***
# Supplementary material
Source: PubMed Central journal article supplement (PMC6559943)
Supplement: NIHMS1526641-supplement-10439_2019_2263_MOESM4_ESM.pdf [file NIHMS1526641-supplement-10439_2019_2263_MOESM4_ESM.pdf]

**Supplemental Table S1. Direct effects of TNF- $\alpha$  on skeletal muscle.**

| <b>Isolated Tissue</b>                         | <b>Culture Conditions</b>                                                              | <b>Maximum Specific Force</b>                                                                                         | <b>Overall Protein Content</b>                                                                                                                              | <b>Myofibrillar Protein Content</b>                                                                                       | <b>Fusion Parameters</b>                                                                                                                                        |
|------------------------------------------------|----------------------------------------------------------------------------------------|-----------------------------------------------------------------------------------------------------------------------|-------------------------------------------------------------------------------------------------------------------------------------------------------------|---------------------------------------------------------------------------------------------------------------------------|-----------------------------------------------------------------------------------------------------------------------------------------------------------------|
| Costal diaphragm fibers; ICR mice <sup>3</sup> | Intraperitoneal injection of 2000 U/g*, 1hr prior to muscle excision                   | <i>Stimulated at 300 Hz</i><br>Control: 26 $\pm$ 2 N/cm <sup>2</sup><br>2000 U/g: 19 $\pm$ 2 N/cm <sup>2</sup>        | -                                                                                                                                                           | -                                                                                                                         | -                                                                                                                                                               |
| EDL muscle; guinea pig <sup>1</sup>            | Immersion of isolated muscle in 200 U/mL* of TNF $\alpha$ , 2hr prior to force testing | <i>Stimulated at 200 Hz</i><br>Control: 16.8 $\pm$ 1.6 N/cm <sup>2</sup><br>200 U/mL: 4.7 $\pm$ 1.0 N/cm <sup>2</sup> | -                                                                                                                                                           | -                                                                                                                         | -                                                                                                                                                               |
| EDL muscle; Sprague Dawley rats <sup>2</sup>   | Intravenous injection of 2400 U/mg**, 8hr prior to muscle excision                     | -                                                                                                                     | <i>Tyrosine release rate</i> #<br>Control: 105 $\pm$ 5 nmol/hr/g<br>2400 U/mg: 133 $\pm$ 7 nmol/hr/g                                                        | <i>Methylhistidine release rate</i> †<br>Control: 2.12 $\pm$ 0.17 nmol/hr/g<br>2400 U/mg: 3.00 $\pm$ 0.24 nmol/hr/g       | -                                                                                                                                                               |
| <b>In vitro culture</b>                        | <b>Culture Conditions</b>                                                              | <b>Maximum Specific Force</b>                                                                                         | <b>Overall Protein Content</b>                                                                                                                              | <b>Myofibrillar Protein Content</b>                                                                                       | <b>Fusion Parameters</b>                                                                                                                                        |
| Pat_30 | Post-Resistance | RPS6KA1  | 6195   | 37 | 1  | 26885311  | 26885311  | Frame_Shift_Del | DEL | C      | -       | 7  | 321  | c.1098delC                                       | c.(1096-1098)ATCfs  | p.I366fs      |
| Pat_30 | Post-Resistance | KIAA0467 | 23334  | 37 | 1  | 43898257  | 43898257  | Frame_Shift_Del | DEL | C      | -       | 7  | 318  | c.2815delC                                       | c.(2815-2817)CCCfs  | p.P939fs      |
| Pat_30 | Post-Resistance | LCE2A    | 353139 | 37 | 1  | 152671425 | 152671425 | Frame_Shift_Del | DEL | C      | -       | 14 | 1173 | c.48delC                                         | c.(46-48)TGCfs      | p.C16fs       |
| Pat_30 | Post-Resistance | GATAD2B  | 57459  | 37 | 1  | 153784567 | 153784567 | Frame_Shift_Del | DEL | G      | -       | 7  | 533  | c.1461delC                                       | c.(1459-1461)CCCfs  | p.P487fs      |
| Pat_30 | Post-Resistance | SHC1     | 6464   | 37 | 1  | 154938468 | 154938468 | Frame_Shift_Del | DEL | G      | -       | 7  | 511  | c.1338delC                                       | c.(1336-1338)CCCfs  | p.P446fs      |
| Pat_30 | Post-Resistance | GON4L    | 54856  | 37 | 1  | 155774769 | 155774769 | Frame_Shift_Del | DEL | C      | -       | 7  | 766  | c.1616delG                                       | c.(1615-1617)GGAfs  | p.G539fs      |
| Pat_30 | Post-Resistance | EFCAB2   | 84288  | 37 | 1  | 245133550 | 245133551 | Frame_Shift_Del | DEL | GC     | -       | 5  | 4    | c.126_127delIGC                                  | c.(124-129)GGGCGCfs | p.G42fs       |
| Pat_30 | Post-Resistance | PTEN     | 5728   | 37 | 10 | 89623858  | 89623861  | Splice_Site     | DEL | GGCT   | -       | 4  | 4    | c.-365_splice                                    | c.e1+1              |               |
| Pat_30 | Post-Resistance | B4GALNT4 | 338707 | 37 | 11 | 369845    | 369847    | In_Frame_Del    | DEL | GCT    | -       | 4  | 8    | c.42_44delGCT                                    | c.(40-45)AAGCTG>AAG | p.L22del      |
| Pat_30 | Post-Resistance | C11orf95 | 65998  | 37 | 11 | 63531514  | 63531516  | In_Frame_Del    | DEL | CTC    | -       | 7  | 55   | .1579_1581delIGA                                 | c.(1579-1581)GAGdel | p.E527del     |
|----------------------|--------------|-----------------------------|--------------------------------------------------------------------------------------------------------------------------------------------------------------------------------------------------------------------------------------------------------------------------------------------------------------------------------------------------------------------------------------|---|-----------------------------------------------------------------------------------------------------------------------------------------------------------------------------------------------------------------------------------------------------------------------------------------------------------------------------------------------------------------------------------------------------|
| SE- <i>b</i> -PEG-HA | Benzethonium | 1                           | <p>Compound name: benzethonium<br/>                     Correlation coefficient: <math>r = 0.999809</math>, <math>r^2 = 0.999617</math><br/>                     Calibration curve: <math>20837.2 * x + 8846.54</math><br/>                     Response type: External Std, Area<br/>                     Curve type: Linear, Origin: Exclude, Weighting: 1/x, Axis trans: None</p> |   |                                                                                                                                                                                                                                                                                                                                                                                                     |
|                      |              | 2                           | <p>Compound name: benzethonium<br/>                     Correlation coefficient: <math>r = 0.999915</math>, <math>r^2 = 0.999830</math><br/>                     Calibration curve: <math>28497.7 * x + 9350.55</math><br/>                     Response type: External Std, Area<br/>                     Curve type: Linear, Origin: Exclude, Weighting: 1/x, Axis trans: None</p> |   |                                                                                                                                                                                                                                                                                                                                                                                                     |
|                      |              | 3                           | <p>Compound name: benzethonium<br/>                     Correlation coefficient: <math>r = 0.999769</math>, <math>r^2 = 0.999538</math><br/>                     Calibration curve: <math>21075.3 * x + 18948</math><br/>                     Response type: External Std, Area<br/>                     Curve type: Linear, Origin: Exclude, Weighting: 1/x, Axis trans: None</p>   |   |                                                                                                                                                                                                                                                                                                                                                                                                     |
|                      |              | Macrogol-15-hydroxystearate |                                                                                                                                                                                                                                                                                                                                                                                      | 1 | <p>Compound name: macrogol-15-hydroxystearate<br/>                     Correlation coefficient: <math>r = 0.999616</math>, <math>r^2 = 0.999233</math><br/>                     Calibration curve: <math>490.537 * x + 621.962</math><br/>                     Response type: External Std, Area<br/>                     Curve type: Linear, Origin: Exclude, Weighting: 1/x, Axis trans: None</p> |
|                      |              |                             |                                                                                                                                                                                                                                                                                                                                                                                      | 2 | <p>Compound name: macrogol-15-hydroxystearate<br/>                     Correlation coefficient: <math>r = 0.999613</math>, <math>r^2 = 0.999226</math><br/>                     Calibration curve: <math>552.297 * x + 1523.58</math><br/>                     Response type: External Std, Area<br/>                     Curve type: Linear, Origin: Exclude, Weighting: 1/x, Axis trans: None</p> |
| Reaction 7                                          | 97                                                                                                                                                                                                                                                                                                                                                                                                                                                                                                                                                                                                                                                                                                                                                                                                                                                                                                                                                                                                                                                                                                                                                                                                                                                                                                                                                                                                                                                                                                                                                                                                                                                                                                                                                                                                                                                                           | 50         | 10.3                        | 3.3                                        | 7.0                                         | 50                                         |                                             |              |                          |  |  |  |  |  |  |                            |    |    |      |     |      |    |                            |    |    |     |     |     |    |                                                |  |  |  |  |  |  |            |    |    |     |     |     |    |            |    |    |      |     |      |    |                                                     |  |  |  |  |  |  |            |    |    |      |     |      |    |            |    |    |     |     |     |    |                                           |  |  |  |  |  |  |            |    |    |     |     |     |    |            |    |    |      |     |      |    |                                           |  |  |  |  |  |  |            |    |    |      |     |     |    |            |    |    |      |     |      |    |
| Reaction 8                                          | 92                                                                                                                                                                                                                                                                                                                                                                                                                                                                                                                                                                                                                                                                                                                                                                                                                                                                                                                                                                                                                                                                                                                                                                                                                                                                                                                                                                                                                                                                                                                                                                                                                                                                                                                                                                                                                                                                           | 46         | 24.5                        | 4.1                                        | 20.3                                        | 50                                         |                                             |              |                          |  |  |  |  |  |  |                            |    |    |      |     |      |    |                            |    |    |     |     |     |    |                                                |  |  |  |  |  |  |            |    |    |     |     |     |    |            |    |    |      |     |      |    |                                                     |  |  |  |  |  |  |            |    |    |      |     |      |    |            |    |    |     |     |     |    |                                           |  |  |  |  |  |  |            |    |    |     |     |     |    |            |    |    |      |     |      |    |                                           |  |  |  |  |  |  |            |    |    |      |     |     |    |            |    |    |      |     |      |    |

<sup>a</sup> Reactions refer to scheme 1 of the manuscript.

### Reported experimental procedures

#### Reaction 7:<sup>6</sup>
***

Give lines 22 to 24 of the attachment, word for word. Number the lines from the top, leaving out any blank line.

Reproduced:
| SE- <i>b</i> -PEG-HA | Benzethonium | 1                           | <p>Compound name: benzethonium<br/>                     Correlation coefficient: <math>r = 0.999809</math>, <math>r^2 = 0.999617</math><br/>                     Calibration curve: <math>20837.2 * x + 8846.54</math><br/>                     Response type: External Std, Area<br/>                     Curve type: Linear, Origin: Exclude, Weighting: 1/x, Axis trans: None</p> |   |                                                                                                                                                                                                                                                                                                                                                                                                     |
|                      |              | 2                           | <p>Compound name: benzethonium<br/>                     Correlation coefficient: <math>r = 0.999915</math>, <math>r^2 = 0.999830</math><br/>                     Calibration curve: <math>28497.7 * x + 9350.55</math><br/>                     Response type: External Std, Area<br/>                     Curve type: Linear, Origin: Exclude, Weighting: 1/x, Axis trans: None</p> |   |                                                                                                                                                                                                                                                                                                                                                                                                     |
|                      |              | 3                           | <p>Compound name: benzethonium<br/>                     Correlation coefficient: <math>r = 0.999769</math>, <math>r^2 = 0.999538</math><br/>                     Calibration curve: <math>21075.3 * x + 18948</math><br/>                     Response type: External Std, Area<br/>                     Curve type: Linear, Origin: Exclude, Weighting: 1/x, Axis trans: None</p>   |   |                                                                                                                                                                                                                                                                                                                                                                                                     |